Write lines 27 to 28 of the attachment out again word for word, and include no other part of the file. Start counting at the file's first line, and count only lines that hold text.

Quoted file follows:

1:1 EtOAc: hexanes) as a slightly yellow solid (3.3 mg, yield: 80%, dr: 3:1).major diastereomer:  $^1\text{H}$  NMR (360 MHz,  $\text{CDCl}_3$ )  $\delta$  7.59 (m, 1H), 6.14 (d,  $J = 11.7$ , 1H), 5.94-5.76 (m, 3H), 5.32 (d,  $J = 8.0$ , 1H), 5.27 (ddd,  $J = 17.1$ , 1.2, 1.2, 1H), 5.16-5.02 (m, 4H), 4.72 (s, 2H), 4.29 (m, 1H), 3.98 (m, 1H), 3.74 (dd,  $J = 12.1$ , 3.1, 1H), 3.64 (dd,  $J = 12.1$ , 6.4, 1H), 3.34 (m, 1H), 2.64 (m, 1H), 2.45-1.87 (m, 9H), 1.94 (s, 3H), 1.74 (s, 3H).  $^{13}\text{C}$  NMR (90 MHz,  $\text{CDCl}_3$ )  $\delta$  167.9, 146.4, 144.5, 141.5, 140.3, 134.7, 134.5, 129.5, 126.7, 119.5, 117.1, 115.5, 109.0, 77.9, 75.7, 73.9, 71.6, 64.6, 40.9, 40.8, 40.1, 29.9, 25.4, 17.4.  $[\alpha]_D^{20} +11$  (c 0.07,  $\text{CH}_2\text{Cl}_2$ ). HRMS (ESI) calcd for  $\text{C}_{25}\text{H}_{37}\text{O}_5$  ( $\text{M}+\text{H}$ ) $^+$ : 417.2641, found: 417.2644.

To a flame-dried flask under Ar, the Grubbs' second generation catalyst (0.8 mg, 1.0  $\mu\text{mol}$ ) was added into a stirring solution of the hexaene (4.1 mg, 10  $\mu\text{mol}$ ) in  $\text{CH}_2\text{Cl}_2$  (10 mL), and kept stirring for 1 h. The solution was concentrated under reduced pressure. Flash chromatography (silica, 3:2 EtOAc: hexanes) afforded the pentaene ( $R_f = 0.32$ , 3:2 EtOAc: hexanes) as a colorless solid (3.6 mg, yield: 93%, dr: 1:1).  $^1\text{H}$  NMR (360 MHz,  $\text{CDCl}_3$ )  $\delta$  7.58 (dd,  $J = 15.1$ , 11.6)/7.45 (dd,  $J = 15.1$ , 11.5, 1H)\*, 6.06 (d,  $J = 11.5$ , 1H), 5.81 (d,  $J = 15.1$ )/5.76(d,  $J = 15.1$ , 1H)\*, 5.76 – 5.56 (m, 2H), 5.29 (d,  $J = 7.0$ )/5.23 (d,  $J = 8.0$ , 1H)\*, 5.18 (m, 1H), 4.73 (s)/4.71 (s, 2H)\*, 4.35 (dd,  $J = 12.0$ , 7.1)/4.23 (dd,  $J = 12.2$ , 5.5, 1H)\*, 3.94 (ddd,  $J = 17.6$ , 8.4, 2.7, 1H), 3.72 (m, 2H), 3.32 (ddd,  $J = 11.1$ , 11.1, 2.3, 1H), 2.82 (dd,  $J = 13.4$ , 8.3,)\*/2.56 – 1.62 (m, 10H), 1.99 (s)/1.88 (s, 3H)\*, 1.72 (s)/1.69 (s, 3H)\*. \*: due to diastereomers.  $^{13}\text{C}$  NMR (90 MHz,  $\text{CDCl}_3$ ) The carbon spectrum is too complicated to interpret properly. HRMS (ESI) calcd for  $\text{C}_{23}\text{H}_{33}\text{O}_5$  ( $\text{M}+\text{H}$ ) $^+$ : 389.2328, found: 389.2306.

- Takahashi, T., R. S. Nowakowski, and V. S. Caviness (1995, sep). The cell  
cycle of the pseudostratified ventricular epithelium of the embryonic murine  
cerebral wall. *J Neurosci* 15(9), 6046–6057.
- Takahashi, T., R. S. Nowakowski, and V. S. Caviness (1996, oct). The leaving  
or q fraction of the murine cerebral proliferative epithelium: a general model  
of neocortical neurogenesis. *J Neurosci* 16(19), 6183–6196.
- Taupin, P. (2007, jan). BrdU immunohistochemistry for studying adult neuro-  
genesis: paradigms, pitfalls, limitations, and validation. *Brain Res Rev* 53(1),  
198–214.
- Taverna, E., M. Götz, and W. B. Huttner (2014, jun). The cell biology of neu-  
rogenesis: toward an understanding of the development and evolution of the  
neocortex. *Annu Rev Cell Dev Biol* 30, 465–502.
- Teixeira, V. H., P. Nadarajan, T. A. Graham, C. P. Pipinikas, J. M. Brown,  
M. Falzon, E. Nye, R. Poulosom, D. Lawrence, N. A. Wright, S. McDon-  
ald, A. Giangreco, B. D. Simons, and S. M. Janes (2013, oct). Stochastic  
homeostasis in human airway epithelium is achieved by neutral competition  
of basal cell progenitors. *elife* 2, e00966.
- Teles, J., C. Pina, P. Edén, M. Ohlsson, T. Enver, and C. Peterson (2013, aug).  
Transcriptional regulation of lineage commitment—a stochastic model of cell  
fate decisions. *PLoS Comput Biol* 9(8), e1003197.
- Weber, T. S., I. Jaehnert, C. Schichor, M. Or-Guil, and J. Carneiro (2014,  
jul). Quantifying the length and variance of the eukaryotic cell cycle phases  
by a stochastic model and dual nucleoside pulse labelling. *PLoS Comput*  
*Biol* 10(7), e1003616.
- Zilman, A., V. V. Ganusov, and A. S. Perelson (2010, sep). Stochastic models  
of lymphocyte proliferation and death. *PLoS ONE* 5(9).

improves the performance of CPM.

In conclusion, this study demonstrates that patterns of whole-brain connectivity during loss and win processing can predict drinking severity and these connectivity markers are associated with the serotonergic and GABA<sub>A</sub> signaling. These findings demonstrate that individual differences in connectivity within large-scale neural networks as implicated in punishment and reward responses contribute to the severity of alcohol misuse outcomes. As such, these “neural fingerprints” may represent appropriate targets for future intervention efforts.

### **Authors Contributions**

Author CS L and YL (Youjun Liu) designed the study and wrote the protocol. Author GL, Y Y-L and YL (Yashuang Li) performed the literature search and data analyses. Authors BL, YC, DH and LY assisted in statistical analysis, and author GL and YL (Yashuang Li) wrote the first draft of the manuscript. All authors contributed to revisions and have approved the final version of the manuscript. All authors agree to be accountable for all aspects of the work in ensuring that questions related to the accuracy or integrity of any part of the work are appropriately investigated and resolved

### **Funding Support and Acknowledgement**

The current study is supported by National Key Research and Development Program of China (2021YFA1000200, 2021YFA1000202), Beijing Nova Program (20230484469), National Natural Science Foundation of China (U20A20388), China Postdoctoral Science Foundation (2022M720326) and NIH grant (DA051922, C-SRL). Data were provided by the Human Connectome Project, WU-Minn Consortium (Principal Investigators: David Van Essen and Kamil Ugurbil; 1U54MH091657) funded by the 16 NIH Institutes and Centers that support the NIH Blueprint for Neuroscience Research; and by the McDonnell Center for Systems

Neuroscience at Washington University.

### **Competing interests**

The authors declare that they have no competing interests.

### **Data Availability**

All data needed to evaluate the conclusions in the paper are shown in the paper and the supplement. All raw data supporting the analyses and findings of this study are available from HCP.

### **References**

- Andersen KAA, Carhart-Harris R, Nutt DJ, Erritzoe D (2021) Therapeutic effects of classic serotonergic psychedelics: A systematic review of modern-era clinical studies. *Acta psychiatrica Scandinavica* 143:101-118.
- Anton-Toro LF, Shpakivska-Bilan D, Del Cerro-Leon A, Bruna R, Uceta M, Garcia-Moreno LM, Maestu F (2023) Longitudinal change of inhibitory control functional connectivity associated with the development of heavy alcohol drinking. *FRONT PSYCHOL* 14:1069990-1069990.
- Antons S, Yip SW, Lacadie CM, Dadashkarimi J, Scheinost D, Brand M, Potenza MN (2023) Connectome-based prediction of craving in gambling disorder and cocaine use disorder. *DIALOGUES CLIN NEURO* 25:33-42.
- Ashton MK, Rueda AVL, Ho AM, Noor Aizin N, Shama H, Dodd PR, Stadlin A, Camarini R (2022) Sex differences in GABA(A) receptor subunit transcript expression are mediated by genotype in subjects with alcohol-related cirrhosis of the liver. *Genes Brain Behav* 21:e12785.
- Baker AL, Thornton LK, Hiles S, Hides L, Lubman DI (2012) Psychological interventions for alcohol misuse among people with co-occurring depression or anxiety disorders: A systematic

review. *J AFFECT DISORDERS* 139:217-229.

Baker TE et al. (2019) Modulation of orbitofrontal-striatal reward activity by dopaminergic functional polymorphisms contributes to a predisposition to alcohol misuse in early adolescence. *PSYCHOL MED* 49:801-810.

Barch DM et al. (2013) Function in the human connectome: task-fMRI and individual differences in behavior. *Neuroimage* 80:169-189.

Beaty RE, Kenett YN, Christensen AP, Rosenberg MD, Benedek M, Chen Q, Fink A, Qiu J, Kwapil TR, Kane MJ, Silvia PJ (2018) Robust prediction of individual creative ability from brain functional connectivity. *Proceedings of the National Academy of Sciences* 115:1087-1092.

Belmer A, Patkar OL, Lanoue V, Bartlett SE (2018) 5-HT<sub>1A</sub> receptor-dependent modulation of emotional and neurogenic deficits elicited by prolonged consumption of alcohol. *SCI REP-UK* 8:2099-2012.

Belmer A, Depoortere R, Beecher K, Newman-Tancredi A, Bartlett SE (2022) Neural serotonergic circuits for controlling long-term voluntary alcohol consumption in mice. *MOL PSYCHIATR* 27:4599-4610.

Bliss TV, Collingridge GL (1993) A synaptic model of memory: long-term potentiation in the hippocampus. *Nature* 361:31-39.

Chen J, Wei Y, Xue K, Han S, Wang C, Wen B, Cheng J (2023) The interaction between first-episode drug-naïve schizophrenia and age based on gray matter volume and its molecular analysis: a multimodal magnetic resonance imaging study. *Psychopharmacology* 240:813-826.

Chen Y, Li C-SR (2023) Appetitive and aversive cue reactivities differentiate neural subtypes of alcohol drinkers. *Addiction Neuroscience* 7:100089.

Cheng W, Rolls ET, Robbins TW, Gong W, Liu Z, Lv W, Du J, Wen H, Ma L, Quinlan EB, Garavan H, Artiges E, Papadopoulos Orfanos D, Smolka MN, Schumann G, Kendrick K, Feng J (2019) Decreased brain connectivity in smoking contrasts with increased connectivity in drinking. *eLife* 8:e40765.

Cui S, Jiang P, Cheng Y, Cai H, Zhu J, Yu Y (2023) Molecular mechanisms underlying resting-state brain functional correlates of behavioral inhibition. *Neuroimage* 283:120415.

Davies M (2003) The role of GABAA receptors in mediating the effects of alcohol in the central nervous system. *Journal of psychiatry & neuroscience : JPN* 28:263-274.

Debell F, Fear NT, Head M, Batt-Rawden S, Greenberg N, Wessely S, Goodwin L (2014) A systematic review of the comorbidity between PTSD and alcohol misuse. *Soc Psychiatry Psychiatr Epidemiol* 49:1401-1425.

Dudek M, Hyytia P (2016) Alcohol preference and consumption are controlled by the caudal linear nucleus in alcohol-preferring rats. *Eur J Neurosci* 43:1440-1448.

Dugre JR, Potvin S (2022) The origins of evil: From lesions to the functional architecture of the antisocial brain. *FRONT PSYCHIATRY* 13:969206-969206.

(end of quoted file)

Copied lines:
- Zilman, A., V. V. Ganusov, and A. S. Perelson (2010, sep). Stochastic models  
of lymphocyte proliferation and death. *PLoS ONE* 5(9).